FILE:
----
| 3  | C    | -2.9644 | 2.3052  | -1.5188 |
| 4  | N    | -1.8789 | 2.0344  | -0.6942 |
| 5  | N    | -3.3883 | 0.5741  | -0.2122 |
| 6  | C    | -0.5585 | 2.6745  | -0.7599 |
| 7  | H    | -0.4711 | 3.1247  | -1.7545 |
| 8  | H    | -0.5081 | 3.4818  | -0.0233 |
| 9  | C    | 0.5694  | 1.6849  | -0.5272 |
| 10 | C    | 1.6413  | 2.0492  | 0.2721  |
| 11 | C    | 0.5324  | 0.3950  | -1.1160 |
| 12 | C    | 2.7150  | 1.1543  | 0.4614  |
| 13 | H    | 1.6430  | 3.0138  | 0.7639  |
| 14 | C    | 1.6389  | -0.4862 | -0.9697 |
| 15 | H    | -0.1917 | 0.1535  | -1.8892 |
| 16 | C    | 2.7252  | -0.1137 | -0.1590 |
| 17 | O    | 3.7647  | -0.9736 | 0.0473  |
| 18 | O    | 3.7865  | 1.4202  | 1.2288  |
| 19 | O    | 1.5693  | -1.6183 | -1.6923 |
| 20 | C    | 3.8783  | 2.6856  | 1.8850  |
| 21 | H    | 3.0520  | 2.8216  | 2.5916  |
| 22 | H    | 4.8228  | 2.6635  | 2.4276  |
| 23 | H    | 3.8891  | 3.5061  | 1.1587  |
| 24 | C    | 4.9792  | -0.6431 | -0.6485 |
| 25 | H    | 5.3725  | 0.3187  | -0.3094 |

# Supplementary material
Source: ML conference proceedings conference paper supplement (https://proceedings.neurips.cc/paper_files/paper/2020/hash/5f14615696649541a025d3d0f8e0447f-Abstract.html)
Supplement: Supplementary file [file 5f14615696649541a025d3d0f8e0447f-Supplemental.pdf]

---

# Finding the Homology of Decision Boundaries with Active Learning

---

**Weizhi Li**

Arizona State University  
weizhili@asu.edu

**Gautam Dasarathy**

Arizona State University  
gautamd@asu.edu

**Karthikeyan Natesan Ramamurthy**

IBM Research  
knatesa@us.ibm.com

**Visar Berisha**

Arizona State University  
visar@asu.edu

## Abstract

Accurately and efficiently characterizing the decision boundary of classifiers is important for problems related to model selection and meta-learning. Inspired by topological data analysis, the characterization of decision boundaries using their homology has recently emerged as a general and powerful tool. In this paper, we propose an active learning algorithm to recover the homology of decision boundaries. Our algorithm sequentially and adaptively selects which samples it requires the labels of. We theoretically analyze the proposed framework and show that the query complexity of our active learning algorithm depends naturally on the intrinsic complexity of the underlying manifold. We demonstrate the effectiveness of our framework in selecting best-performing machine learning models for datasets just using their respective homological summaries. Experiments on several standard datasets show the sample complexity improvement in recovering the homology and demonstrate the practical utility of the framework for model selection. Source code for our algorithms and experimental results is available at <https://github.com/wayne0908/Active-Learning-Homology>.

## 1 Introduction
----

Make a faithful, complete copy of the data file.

| 3  | C    | -2.9644 | 2.3052  | -1.5188 |
| 4  | N    | -1.8789 | 2.0344  | -0.6942 |
| 5  | N    | -3.3883 | 0.5741  | -0.2122 |
| 6  | C    | -0.5585 | 2.6745  | -0.7599 |
| 7  | H    | -0.4711 | 3.1247  | -1.7545 |
| 8  | H    | -0.5081 | 3.4818  | -0.0233 |
| 9  | C    | 0.5694  | 1.6849  | -0.5272 |
| 10 | C    | 1.6413  | 2.0492  | 0.2721  |
| 11 | C    | 0.5324  | 0.3950  | -1.1160 |
| 12 | C    | 2.7150  | 1.1543  | 0.4614  |
| 13 | H    | 1.6430  | 3.0138  | 0.7639  |
| 14 | C    | 1.6389  | -0.4862 | -0.9697 |
| 15 | H    | -0.1917 | 0.1535  | -1.8892 |
| 16 | C    | 2.7252  | -0.1137 | -0.1590 |
| 17 | O    | 3.7647  | -0.9736 | 0.0473  |
| 18 | O    | 3.7865  | 1.4202  | 1.2288  |
| 19 | O    | 1.5693  | -1.6183 | -1.6923 |
| 20 | C    | 3.8783  | 2.6856  | 1.8850  |
| 21 | H    | 3.0520  | 2.8216  | 2.5916  |
| 22 | H    | 4.8228  | 2.6635  | 2.4276  |
| 23 | H    | 3.8891  | 3.5061  | 1.1587  |
| 24 | C    | 4.9792  | -0.6431 | -0.6485 |
| 25 | H    | 5.3725  | 0.3187  | -0.3094 |

# Supplementary material
Source: ML conference proceedings conference paper supplement (https://proceedings.neurips.cc/paper_files/paper/2020/hash/5f14615696649541a025d3d0f8e0447f-Abstract.html)
Supplement: Supplementary file [file 5f14615696649541a025d3d0f8e0447f-Supplemental.pdf]

---

# Finding the Homology of Decision Boundaries with Active Learning

---

**Weizhi Li**

Arizona State University  
weizhili@asu.edu

**Gautam Dasarathy**

Arizona State University  
gautamd@asu.edu

**Karthikeyan Natesan Ramamurthy**

IBM Research  
knatesa@us.ibm.com

**Visar Berisha**

Arizona State University  
visar@asu.edu

## Abstract

Accurately and efficiently characterizing the decision boundary of classifiers is important for problems related to model selection and meta-learning. Inspired by topological data analysis, the characterization of decision boundaries using their homology has recently emerged as a general and powerful tool. In this paper, we propose an active learning algorithm to recover the homology of decision boundaries. Our algorithm sequentially and adaptively selects which samples it requires the labels of. We theoretically analyze the proposed framework and show that the query complexity of our active learning algorithm depends naturally on the intrinsic complexity of the underlying manifold. We demonstrate the effectiveness of our framework in selecting best-performing machine learning models for datasets just using their respective homological summaries. Experiments on several standard datasets show the sample complexity improvement in recovering the homology and demonstrate the practical utility of the framework for model selection. Source code for our algorithms and experimental results is available at <https://github.com/wayne0908/Active-Learning-Homology>.

## 1 Introduction